The biennial opened on 25 January at Craft Contemporary in Los Angeles—home to nearly half a million Iranian immigrants, the largest Iranian population outside Iran. The show, staged by the LA-based “non-religious, non-political and not-for-profit” Farhang Foundation, was welcomed by an exuberant crowd consisting of mostly Iranians and Iranian-Americans. When a woman spotted her mother’s image from decades ago in a photograph, the audience became even more electrified with nostalgia and affection. The artists whose works are included in the exhibition not only share similar concerns regarding social change, political conditions, cultural identity, gender issues, historical narratives, and stories of everyday lives, but also share a common humanitarian impulse to use their images to educate the world about Iran.
Their lenses capture ordinary young people, mostly, in public places: a boy selling lettuce at a street corner, a women’s volleyball team practicing in the gym, passengers sharing a hookah pipe between two vehicles in the slow traffic, and many other fleeting moments. Two of the three prize winning works are photographs that push the boundaries of stereotypical masculinity (The Brotherhood, 2018, by Hushidar Mortezaie and Jiyan Zandi) and sexual taboos (The Kiss, 2016, by Milad Karamooz). While subject matters are various, the unequivocal pride of the Iranian heritage is the heart and soul of each work selected for the exhibition. If one could look pass the excessively moralising tone and the paucity of nuances, one can catch a glimpse of reality in Iran through the candid eyes of Iranians, even if the artists only scratch the surface.
Hushidar Mortezaie and Jiyan Zandi. Brotherhood. 2018. Courtesy of The Farhang Foundation
Pouya Afshar’s animation Mourn Baby Mourn (2017), which derives from the Shi’ite’s mourning rituals and the theatre of ta‘ziya—the performance of grief—was previously included in the Los Angeles County Museum (LACMA)’s Art’s In the Fields of Empty Days: The Intersection of Past and Present in Iranian Art, curated by LACMA’s in-house curator Linda Komaroff in 2018. Despite the awkward single channel display on a small monitor looping together with two other unrelated videos in sequence at Craft Contemporary, this time, Afshar’s animation surprisingly emits a sense of sincerity, as do most of the works on display at the biennial. Focus Iran, in contrast to LACMA’s Iranian art show, does not cast Iran as the primitive, violent, despotic and perverse ‘Other’ through the gaze of white Americans. Instead, it brings people together to celebrate Iran’s history, land, arts and its youth culture.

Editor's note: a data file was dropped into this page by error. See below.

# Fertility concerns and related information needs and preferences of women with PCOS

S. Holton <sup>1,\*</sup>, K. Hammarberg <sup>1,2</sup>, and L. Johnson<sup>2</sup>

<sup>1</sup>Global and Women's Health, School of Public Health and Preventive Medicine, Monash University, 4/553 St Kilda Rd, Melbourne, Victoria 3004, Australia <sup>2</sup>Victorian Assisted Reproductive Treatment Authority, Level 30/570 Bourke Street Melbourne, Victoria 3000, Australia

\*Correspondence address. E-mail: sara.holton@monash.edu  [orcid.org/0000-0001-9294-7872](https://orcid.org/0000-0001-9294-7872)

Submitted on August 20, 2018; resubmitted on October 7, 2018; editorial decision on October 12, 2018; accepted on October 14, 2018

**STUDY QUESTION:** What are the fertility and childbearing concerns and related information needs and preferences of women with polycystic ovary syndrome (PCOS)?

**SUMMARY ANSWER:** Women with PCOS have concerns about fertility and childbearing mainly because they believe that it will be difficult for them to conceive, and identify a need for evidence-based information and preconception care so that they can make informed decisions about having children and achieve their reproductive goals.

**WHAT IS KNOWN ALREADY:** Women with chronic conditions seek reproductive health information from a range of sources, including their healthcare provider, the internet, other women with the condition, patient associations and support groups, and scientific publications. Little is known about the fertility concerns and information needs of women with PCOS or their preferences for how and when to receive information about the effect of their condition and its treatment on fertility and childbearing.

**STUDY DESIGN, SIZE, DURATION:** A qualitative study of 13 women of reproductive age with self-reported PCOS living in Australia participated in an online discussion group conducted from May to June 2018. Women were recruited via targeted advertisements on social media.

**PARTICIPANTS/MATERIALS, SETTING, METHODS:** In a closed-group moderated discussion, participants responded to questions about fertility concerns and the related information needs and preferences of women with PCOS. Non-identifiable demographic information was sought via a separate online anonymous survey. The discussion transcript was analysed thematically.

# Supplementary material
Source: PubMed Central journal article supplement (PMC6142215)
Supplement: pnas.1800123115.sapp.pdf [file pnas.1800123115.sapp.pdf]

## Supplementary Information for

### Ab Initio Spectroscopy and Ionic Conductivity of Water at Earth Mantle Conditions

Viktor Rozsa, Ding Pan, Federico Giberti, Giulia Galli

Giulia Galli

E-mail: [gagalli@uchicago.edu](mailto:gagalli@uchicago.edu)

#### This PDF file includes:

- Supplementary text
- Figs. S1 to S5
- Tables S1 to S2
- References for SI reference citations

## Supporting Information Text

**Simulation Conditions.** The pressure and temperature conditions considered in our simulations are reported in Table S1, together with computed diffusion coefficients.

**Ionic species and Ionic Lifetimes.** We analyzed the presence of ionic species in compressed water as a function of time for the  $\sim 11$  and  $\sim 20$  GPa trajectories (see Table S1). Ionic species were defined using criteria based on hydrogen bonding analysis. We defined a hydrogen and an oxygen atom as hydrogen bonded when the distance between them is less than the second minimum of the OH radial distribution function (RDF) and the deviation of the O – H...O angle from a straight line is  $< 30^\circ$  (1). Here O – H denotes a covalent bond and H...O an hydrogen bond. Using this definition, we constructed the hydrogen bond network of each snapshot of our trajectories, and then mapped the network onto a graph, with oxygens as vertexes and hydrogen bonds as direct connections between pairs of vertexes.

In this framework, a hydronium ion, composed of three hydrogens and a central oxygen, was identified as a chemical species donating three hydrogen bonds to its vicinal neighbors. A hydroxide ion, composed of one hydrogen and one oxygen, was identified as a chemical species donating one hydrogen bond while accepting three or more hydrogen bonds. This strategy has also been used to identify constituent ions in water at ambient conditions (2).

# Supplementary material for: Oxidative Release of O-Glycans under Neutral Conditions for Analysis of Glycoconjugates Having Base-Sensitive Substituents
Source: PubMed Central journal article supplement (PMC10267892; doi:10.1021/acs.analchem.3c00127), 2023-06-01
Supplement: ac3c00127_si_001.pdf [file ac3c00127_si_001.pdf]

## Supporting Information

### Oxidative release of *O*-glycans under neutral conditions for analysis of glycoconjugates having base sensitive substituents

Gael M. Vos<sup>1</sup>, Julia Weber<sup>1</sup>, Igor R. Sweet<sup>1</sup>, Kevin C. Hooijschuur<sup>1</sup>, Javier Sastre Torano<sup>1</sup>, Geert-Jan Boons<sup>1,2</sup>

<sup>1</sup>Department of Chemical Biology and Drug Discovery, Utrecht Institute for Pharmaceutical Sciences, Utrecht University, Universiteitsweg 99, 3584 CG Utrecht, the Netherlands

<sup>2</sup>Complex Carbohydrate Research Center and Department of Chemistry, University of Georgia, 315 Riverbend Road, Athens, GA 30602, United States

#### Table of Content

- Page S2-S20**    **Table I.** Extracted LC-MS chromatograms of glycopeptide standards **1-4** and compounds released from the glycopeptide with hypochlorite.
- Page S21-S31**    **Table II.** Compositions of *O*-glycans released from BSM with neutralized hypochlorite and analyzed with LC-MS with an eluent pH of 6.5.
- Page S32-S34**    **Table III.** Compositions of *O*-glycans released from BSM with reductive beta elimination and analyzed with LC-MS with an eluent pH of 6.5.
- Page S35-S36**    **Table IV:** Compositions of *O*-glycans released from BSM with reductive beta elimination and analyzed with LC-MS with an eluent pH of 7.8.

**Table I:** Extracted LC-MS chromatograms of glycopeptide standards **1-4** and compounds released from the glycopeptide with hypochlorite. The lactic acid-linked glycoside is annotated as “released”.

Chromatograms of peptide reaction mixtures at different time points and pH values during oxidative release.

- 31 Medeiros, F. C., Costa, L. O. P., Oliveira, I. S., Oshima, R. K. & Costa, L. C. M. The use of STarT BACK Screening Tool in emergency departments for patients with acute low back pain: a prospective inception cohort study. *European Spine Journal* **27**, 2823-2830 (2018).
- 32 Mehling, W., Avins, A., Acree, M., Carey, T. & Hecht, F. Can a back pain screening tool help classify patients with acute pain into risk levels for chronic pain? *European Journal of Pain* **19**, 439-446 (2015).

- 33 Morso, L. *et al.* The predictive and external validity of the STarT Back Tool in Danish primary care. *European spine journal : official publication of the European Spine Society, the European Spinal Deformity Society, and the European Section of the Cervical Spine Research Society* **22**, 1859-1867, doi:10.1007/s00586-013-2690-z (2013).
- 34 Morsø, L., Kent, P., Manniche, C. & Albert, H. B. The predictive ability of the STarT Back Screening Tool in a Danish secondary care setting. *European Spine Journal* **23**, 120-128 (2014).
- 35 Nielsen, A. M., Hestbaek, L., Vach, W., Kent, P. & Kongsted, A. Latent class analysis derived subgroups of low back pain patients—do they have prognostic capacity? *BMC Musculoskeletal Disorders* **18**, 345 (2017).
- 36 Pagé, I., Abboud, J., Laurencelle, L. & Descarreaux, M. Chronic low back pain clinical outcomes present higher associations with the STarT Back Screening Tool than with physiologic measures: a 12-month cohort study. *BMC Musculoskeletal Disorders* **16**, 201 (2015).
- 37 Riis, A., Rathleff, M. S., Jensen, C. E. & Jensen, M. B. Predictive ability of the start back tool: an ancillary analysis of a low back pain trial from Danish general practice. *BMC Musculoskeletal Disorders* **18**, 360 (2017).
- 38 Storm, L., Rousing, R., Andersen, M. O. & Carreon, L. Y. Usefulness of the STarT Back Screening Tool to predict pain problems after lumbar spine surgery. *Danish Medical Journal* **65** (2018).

The biennial was initiated in 2015 by Farhang Foundation’s fine arts council, whose mission is to create a platform for artists, Iranian or not, to have a conversation about Iran. The foundation decided on the form of competition for the biennial to encourage not only established artists but also undiscovered talents. Farhang Foundation has been for over a decade the driving force behind many arts and culture projects that promote the Iranian legacy.
Linda Dorigo. Vollyball Iran. 2010. Courtesy of The Farhang Foundation
Collaborating with institutions and communities in South California, Farhang Foundation introduces Iranian arts and culture to a broad audience in the US. Eight years ago, the foundation began to sponsor the UCLA Film & Televisions Archive’s programme UCLA Celebration of Iranian Cinema, initiated in the 1990s. The partnership has secured a stellar lineup of new and classic films with a few premiered in the US each year. It has been one of the most critically acclaimed campaigns. In 2018, the Archive brought a handful of winning pieces from the 2017 Fajr International Film Festival to the West Coast, such as The Home, 2017, by Asghar Yousefinejad, and No Date, No Signature, 2017, by Vahid Jalilvand.
In a statement by the foundation’s spokeswoman Roxie Sarhangi and executive director Alireza Ardekani, the future looks even more luminous for their ambassadorial endeavor. “In 2018, the fine arts council was very busy with many projects, including the Iranian Urban Mural Project in Los Angeles and the Shirin Neshat and Mohsen Namjoo multimedia production On the String of the Tear’s Bow. In 2019, we will continue with presenting Focus Iran 3 in the city of Irvine for a second run of the exhibition. In addition, the fine arts council is currently working on a future fine arts competition, similar to Focus Iran, entitled ART IRAN, which we hope to launch very soon.”
If we could learn anything from Farhang and its cultural programmes, it is that arts have the agency to unite communities at a time of political division and diplomatic crisis. Some, like many Iranian cinematic works, for their intellectual bravura and transcendental wit will stand as enduring testaments to be the inspiration of a generation.
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